Eating the feces of another animal can be either a normal behavior or one of desperation.  Dogs that have been starved will eat feces of others. Puppies in pet stores or puppy mills/farms may have not been fed enough and are conditioned to eat feces out of desperation. This is typically due to inadequate amounts of available food.

     Dogs who are inappropriately punished for elimination may become incredibly fastidious to avoid the pain and anxiety associated with eliminating. In extreme cases, some dogs have been observed ingesting their own urine as soon as that have eliminated. These behaviors may have been reinforced prior to an owner adopting said pet.

     Finally, some dogs ingest feces as a manifestation of OCD. These dogs often need specialized help from a veterinarian or veterinary behaviorist.

     Many dogs enjoy eating feces of other animals. For example, they may enjoy cat feces due to their high protein diet and the animal muscle that is not fully digested. Dogs often eat rabbit feces. Rabbits and other herbivores have bacteria and some researchers have suggested that this bacteria form a source of protein. Additionally, ingestion of herbivore feces can be an effective way to get partially digested herbs and grains, such as oats.

     Ingestion of feces is a challenging behavior to change because it is normal. There are a few key ideas to controlling eating of feces.

  • Prevent the behavior from ever starting
  • Owners must monitor the environment so that they see feces before the dog, and redirect the dog’s attention.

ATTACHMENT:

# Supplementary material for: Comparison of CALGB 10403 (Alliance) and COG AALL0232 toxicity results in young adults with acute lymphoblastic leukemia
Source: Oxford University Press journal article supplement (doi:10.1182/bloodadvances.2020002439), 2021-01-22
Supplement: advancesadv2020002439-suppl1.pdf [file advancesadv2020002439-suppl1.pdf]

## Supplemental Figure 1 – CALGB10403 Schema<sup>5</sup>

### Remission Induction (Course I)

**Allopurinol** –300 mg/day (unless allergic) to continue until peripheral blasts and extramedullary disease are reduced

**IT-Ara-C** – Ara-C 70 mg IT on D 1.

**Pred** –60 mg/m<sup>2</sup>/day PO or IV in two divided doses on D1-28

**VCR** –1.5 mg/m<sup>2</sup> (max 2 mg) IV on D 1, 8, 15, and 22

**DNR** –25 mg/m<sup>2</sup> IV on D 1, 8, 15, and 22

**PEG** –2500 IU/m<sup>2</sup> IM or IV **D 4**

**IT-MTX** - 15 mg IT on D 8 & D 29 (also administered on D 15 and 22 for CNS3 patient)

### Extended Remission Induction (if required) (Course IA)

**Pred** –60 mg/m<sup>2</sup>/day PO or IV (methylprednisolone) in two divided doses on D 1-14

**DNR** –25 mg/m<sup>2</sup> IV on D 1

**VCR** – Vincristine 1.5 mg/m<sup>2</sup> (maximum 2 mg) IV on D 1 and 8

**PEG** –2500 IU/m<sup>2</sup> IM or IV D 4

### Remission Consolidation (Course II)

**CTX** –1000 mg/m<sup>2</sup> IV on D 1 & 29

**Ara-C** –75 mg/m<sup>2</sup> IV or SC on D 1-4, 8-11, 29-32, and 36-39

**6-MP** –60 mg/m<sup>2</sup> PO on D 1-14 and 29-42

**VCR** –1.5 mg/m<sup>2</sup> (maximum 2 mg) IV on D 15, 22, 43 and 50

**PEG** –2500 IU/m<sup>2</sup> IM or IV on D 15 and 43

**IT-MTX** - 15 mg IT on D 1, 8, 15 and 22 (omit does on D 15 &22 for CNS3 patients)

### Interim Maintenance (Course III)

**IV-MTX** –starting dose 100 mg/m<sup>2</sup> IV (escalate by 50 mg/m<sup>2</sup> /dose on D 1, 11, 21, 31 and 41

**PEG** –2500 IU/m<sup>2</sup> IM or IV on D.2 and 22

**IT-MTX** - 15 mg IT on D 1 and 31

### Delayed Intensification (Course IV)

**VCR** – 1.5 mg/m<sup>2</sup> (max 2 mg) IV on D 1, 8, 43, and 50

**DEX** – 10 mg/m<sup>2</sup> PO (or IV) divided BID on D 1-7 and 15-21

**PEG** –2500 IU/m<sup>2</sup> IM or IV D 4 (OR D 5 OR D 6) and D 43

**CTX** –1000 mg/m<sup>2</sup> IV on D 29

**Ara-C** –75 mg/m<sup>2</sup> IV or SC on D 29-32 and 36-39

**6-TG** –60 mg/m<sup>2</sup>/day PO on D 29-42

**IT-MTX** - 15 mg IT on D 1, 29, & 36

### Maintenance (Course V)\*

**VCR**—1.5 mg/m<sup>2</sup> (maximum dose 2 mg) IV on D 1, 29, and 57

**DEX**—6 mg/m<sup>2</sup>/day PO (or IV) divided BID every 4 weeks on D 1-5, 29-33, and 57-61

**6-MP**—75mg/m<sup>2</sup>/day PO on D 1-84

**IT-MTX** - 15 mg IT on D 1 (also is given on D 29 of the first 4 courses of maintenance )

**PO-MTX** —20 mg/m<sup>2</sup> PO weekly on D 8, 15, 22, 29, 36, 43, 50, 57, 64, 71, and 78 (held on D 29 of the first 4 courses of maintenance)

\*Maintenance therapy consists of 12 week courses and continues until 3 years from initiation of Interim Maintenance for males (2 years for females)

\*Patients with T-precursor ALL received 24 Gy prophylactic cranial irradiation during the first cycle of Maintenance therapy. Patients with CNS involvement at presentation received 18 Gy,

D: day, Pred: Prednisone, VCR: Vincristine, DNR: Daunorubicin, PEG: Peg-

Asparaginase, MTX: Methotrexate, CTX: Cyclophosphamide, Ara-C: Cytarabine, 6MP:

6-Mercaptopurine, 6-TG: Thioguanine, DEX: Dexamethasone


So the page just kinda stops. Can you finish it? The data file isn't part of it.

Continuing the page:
Any dog who ingests feces, whether their own or from another animal, should have fecal samples checked every six months. Using year-round Heart-worm prevention year-round to help prevent parasite infection is also recommended. A word of caution as well. Several intestinal parasites can be contagious to people. Always be sure to wash hands any time after handling feces.

      If the dog eats dog feces, the solution can be easy: clean up all the dog feces found, including feces deposited by other dogs. When wild life is involved cleanup is more difficult.

      The best solution to avoid the consumption of feces is avoidance, which is not always easy. This may mean supervising your dog in the yard until you are certain the pet had eliminated and there are no feces in the environment.

Using Positive Reinforcement to train a “Leave It” command and a good recall will allow you to call your dog to you when you see that he or she is about to gulp down feces. These commands need to be trained initially in a controlled environment before expecting them to work when temptation is great. Use a really high value food reward and a lot of praise to teach you pet that coming to you is the best thing in the world. These foundational behaviors will be useful in many situations beside feces eating and will give you a better quality relationship with your pet.

Not sure how to get started? Here are some great, short videos to show you what to do.

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